Many people with a history of complex PTSD and dissociation have been misunderstood, misdiagnosed, and inappropriately medicated. Here are some reasons why:



  1. C-PTSD is not included in the DSM-5: Despite much deliberation, neither C-PTSD nor DTD was added to the latest version of the DSM-5 (Diagnostic and Statistical Manual of Mental Disorders, Fifth Edition) used by clinicians. The diagnosis listed for PTSD most closely matches the symptoms and effects of C-PTSD, because more than 90 percent of the symptoms are the same.
  2. Co-occurring diagnoses can mask C-PTSD: Accurate diagnosis sometimes is difficult because disorders can exist simultaneously, known as co-occurrence. For example, children who were neglected or abused are at higher risk for anxiety disorders, depressive disorders, and learning disabilities. Children with these disorders are also at greater risk for abuse.
  3. C-PTSD symptoms look like other disorders: The symptoms of C-PTSD can mimic symptoms of other disorders. For example, a child or teen who has been abused or neglected might appear impulsive, anxious, angry, and/or depressed. But if a thorough family history is not understood, it can lead to inaccurate diagnoses of bipolar disorder, anxiety disorder, or major depressive disorder.

10 responses to this post.

  1. I think it mimics BPD a lot too. Especially if it come with attachment issues. I know a lot of the responses can look a lot alike, even though they stem from a much different place. I find that to be incredibly frustrating, when people don’t understand what trauma and CPTSD really are.

  2. Thanks for sharing

    I find almost no one understands complex PTSD or what it is like to battle every day

    I know they do not understand a nervous system turned upside down

    That’s why we get the phrase, why can’t you just let it go

    If only it were that easy

  3. Posted by rudid96 on May 23, 2022 at 5:24 pm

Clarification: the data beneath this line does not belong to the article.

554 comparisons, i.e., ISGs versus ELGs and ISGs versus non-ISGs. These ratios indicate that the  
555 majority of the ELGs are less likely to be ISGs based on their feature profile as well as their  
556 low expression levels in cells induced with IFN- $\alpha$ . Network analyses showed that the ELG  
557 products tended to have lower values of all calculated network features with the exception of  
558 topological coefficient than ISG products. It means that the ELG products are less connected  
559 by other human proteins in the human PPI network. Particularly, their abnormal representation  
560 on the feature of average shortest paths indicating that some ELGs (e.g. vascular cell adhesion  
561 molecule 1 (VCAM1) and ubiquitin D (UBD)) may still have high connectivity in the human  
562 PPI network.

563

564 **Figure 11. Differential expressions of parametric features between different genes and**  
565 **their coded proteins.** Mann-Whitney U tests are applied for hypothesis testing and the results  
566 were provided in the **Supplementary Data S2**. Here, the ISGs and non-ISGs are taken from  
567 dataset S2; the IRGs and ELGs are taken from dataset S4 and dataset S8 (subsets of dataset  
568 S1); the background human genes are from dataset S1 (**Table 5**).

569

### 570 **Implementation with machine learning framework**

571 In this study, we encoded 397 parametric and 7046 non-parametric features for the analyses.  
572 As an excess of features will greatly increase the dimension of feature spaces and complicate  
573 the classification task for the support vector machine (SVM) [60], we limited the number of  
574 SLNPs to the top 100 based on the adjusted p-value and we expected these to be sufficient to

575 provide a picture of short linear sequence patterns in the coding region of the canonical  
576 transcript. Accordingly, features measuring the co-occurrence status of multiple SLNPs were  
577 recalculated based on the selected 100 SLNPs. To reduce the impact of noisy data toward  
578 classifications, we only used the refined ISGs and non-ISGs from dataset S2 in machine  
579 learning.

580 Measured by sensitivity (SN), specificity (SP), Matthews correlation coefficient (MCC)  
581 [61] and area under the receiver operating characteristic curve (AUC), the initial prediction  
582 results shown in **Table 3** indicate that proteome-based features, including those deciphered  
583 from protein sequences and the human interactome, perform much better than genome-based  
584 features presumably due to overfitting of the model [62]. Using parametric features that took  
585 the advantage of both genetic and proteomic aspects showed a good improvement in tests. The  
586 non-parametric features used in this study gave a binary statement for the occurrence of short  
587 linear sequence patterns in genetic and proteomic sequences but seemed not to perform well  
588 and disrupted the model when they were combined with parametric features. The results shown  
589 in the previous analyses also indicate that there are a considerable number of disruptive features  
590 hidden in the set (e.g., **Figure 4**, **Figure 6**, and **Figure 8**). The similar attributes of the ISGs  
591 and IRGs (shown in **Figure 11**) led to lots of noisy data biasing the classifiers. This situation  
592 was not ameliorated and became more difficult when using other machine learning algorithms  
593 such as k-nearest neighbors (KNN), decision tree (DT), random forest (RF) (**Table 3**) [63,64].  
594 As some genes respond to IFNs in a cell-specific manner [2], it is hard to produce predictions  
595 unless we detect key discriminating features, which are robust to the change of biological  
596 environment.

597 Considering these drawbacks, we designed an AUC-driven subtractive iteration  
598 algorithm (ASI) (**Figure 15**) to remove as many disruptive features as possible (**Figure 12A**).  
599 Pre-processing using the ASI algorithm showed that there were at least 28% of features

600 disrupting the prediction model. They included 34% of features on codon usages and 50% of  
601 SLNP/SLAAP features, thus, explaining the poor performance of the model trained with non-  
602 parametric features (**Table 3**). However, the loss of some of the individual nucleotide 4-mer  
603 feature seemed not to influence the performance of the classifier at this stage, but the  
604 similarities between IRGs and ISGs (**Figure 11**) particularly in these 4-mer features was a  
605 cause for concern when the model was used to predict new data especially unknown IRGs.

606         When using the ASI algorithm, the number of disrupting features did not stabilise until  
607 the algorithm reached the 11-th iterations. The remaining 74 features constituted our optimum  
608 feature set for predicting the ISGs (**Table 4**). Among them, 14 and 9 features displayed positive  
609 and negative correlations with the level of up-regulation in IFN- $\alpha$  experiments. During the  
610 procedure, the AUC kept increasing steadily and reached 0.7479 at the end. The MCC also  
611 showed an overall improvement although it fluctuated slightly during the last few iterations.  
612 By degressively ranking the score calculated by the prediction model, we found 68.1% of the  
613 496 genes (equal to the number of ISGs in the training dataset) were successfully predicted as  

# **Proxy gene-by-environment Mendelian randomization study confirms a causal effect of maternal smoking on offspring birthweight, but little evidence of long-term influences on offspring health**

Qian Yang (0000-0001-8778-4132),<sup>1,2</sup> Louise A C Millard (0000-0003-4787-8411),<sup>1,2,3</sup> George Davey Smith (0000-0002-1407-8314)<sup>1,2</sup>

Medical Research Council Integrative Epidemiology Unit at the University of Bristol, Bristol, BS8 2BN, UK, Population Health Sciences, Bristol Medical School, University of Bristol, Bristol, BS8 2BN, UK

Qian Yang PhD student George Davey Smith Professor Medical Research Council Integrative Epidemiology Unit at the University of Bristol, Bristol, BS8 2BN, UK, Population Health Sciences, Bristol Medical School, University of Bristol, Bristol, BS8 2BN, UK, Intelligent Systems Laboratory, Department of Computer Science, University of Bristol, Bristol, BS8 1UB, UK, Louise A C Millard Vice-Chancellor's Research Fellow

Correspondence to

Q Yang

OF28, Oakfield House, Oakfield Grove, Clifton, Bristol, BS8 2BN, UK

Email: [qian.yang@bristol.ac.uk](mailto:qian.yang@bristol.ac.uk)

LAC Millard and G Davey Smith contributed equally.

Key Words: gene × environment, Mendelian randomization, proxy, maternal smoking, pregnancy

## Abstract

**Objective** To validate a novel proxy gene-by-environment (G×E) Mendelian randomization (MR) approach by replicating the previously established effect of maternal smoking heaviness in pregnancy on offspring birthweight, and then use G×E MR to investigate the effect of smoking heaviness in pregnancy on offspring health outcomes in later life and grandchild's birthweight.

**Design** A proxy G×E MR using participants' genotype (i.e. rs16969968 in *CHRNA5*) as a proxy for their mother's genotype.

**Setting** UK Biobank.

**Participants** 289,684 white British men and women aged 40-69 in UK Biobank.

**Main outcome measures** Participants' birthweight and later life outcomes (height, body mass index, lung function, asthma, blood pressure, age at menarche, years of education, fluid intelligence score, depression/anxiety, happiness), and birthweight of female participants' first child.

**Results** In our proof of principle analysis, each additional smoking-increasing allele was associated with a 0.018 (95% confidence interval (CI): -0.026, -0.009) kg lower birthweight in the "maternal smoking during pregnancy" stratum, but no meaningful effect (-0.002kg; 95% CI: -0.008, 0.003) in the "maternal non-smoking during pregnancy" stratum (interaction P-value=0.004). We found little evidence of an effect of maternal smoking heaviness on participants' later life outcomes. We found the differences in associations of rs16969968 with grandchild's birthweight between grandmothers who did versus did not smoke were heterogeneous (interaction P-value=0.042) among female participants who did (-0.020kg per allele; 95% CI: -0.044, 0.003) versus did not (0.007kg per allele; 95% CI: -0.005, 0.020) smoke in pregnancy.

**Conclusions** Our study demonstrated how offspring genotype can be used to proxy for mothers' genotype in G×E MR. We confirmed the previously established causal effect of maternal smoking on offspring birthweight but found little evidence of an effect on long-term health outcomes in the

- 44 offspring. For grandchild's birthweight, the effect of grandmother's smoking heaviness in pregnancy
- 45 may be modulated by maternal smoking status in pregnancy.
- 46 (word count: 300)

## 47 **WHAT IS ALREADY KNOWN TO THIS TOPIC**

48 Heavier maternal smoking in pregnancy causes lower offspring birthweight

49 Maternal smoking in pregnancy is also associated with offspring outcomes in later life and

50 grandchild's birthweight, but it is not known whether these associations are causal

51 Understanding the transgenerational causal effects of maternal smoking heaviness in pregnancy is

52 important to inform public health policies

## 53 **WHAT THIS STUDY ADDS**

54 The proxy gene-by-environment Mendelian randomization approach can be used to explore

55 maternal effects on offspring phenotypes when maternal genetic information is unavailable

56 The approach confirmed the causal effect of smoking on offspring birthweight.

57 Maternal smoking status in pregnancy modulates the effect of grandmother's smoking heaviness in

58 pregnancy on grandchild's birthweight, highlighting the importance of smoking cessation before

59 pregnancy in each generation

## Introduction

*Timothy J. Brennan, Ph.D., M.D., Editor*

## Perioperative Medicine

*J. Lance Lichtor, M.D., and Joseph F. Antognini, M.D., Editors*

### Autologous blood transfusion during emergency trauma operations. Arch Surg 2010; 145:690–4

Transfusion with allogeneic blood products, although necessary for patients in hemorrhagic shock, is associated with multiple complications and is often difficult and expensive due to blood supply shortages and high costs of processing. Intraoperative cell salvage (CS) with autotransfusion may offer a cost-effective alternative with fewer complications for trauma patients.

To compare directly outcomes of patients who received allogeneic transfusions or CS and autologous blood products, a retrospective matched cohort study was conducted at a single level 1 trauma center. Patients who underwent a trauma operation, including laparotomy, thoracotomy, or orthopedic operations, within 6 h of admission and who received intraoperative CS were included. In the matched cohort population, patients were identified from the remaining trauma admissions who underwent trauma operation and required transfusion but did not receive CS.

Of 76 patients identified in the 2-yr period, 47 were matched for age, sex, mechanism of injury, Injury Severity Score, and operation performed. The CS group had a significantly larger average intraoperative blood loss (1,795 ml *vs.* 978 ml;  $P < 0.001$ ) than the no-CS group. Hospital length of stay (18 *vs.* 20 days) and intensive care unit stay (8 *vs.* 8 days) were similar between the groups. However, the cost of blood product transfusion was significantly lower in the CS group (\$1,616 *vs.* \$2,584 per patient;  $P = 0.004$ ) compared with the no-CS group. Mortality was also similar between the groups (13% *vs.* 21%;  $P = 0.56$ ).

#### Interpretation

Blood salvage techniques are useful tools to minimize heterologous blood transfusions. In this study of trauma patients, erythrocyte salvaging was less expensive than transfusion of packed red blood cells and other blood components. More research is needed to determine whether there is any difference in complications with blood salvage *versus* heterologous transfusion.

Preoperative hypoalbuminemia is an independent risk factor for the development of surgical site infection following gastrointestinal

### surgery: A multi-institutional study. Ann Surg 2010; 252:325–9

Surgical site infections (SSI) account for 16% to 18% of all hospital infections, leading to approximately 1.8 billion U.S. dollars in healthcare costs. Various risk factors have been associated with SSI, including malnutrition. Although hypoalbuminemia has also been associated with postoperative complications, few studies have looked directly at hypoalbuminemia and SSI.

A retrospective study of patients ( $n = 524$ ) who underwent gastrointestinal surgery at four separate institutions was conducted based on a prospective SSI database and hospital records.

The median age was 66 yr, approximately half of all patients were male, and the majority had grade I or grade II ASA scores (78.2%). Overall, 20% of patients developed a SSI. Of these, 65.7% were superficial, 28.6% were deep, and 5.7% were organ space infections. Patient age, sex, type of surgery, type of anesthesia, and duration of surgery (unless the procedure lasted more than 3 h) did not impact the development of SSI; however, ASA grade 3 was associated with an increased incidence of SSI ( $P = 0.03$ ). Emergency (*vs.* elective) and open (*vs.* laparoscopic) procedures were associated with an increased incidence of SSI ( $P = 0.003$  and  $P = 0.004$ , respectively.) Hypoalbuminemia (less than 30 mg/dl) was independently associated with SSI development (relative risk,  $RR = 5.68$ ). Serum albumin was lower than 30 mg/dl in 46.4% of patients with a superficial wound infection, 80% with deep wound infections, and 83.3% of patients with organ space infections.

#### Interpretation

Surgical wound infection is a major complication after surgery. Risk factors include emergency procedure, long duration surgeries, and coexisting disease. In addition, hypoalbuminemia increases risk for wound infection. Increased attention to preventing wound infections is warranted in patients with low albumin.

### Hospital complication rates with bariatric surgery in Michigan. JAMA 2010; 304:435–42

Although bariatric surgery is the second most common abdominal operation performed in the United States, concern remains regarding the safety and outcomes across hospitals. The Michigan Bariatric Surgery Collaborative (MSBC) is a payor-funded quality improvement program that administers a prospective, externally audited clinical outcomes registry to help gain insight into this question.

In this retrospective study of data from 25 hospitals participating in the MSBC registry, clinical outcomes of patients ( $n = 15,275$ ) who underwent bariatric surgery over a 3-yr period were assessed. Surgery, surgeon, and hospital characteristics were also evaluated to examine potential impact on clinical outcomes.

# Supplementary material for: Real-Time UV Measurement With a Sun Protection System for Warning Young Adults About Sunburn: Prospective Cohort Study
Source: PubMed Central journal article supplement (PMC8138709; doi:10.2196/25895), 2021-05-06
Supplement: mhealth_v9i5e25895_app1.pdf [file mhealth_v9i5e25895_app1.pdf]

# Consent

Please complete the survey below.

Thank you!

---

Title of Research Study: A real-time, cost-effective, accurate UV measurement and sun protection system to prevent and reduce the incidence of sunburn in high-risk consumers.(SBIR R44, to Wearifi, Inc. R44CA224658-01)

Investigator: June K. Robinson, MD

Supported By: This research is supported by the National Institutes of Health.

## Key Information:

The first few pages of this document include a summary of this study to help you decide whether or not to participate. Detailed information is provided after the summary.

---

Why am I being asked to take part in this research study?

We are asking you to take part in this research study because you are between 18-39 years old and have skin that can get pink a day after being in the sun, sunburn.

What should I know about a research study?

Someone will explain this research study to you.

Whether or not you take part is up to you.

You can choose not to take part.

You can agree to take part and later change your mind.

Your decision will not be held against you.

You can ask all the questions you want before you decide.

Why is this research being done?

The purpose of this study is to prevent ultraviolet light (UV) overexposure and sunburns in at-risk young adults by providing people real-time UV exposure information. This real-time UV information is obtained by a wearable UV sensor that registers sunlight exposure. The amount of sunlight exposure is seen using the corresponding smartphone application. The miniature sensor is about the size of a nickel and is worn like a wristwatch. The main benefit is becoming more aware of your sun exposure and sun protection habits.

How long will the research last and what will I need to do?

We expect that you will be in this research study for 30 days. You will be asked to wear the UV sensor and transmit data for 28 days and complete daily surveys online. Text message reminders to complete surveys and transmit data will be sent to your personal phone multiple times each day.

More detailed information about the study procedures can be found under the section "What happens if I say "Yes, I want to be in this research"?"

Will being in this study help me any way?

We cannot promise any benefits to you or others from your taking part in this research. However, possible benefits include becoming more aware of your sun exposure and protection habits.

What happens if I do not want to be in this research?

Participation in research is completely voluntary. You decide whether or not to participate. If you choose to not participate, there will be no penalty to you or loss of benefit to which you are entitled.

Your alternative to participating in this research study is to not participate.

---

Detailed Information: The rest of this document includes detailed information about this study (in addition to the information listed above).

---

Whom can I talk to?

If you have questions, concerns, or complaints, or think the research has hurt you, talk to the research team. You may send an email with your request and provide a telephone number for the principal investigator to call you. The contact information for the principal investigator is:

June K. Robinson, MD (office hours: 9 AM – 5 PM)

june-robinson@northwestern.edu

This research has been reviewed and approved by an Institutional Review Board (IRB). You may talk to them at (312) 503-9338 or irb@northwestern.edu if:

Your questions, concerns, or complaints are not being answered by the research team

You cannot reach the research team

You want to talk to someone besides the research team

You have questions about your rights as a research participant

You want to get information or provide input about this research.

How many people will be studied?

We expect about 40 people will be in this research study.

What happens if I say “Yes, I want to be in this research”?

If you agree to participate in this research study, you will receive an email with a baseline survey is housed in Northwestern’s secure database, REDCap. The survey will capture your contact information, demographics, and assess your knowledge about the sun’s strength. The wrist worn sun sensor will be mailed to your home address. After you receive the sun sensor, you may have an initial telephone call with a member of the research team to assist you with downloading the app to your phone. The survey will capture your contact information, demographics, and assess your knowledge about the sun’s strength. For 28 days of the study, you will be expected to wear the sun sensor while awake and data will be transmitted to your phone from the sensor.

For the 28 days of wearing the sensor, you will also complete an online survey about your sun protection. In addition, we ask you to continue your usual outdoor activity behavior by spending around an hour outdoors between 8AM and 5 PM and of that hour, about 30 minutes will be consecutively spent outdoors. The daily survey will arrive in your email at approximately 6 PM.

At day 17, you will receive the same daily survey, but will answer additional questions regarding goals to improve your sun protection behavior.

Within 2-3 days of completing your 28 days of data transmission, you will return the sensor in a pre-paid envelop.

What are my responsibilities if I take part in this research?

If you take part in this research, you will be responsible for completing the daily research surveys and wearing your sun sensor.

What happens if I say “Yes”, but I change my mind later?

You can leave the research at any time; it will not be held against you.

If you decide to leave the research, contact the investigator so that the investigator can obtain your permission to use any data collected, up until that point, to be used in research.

Alana, I agree with your statement “I think it mimics BPD a lot too.” The first therapist I ever met, clearly thought that was my issue. She sent me on a wild goose chase that left me short on money and misdiagnosed. For a profession that declares “do no harm” it leaves one scratching their head.

  4. I am not a therapist and far from an expert on bpd

    I am not a cutter or self-harm but mood swings and relationship issues, emotional regulation oh yes

    I am closer to a depressive bipolar

    With a touch of ocd

  5. Posted by rudid96 on May 24, 2022 at 1:24 pm

    Therapists do wonderful work, sometimes. Those that use a label too quickly can do great harm. I am only an expert on identifying my own personal demons.

  6. Like any other career

    There are
    Good and not so talented therapists

    How do you know

  7. Posted by rudid96 on May 24, 2022 at 1:33 pm

    You don’t that’s the problem. Most people seek help when at an emotional low point. The same may be said when one seeks the help of a medical physician. The difference here is that the therapist connection messes with our heads. It’s much easier to recognize a medical doctor is a wrong fit.

  8. People are afraid of the therapist or unable to decipher if he/she is competent

    Took me a king time and lots of reading to know a good therapist, a fit for me

    I am demanding of my therapist

    I demand they care or I leave

    I do not want a cold calculated therapist

  9. Posted by rudid96 on May 24, 2022 at 2:07 pm

    I still struggle with speaking up, and speaking my truth, even if it’s misguided or wrong. A large part of my childhood abuse was “I was always wrong.” There was no Self, it was all about the parent

  10. I hid in school

    Performed on tests

    I could study and get grades

    In college my jock friends would sit around me

    The farther they say away the worse their score

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